Episodicity within a mid-Cretaceous magmatic flare-up in West Antarctica: U-Pb ages of the Lassiter Coast intrusive suite, Antarctic Peninsula, and correlations along the Gondwana margin

TitleEpisodicity within a mid-Cretaceous magmatic flare-up in West Antarctica: U-Pb ages of the Lassiter Coast intrusive suite, Antarctic Peninsula, and correlations along the Gondwana margin
TypeJournal Article
Year2018
Author(s)Riley, T.R., Burton-Johnson, A., Flowerdew, M.J. and Whitehouse, M.J.
JournalGSA Bulletin
URLhttps://doi.org/10.1130/B31800.1
People Links Michael Flowerdew

Abstract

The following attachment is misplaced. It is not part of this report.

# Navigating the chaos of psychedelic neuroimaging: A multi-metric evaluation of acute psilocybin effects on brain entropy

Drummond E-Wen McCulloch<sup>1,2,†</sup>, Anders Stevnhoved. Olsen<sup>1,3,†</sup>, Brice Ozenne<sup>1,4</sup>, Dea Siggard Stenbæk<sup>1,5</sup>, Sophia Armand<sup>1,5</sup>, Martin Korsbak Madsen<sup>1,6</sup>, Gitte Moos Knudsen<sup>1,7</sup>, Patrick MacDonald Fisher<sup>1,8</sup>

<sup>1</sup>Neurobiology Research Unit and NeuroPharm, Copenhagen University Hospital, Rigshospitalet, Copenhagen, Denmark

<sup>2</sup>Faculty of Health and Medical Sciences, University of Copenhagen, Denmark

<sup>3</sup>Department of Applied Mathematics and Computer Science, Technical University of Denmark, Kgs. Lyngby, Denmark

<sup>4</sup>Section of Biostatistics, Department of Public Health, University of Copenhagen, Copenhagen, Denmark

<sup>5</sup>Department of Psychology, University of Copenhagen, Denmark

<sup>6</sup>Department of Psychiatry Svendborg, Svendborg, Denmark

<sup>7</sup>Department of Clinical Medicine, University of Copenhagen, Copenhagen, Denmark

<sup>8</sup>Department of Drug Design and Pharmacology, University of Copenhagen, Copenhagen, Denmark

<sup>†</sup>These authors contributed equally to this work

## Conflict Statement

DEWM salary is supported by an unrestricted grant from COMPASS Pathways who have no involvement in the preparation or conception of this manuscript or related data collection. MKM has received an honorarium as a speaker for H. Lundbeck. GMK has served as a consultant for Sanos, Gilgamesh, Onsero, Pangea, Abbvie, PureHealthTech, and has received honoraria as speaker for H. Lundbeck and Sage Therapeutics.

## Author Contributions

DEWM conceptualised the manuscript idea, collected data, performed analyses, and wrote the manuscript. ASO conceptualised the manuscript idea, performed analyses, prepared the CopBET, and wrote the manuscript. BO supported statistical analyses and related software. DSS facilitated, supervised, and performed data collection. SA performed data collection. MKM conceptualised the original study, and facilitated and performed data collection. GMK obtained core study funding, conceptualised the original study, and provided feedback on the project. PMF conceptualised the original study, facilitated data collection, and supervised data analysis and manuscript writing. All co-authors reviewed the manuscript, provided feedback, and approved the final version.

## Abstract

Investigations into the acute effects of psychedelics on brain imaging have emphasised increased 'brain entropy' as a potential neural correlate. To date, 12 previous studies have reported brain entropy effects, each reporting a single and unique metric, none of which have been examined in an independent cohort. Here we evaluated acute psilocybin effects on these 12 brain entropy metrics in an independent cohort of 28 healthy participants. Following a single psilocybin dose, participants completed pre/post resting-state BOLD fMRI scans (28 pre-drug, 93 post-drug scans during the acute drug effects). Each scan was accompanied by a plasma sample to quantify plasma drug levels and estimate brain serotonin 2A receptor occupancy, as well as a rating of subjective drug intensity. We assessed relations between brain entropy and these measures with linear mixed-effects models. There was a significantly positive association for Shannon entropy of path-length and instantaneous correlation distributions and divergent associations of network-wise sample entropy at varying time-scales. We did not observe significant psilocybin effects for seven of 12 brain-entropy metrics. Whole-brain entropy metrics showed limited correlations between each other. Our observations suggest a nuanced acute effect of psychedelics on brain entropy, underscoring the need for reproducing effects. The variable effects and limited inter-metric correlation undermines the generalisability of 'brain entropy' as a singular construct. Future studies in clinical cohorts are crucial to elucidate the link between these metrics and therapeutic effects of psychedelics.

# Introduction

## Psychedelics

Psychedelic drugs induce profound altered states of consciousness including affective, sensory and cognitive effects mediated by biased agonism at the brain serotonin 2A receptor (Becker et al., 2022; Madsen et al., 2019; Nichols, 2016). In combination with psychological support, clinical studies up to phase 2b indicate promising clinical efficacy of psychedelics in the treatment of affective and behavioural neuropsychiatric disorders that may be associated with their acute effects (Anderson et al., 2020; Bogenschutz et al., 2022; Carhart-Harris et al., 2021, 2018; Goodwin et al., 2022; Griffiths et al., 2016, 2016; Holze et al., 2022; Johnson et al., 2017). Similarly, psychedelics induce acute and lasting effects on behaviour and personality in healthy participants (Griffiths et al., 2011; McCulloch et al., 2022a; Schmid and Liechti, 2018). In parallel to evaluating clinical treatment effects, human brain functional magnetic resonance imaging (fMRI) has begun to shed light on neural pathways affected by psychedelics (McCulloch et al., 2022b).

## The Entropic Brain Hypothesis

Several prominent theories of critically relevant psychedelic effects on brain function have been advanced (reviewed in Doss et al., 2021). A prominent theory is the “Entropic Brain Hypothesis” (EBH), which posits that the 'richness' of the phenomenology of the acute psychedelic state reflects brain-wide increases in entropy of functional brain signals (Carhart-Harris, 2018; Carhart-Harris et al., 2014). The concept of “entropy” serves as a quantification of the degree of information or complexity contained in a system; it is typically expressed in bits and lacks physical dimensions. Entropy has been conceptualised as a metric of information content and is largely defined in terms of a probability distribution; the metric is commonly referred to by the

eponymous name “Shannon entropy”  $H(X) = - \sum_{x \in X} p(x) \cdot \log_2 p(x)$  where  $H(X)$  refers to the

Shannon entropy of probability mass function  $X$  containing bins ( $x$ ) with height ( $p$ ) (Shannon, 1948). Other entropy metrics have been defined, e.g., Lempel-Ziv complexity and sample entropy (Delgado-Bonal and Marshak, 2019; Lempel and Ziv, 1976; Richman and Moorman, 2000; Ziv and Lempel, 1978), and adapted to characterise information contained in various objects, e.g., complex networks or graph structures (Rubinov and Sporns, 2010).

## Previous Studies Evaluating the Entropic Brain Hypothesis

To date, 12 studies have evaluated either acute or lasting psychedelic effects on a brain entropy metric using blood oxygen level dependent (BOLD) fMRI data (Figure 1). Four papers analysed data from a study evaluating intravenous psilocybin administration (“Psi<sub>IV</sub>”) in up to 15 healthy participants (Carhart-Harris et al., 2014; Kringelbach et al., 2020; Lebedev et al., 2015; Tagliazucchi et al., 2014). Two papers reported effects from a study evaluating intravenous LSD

Long-lived continental margin arcs are characterized by episodes of large-volume magmatism (or flare-ups) that can persist for ∼30 m.y. before steady-state arc conditions resume. Flare-up events are characterized by the emplacement of large-volume granodiorite-tonalite batholiths and sometimes associated rhyodacitic ignimbrites. One of the major flare-up events of the West Gondwana margin occurred during the mid-Cretaceous and was temporally and spatially associated with widespread deformation and Pacific plate reorganization. New U-Pb geochronology from the Lassiter Coast intrusive suite in the southern Antarctic Peninsula identifies a major magmatic event in the interval 130−102 Ma that was characterized by three distinct peaks in granitoid emplacement at 130−126 Ma, 118−113 Ma, and 108−102 Ma, with clear lulls in between. Mid-Cretaceous magmatism from elsewhere in West Antarctica, Patagonia, and New Zealand also featured marked episodicity during the mid-Cretaceous and recorded remarkable continuity along the West Gondwana margin. The three distinct magmatic events represent second-order episodicity relative to the primary episodicity that occurred on a cordillera scale and is a feature of the North and South American Pacific margin. Flare-up events require the development of a highly fusible, lower-crustal layer resulting from the continued underplating of hydrous mineralogies in the melt-fertile lower crust as a result of long-lived subduction. However, the actual trigger for melting is likely to result from external, potentially tectonic factors, e.g., rifting, plate reorganization, continental breakup, or mantle plumes.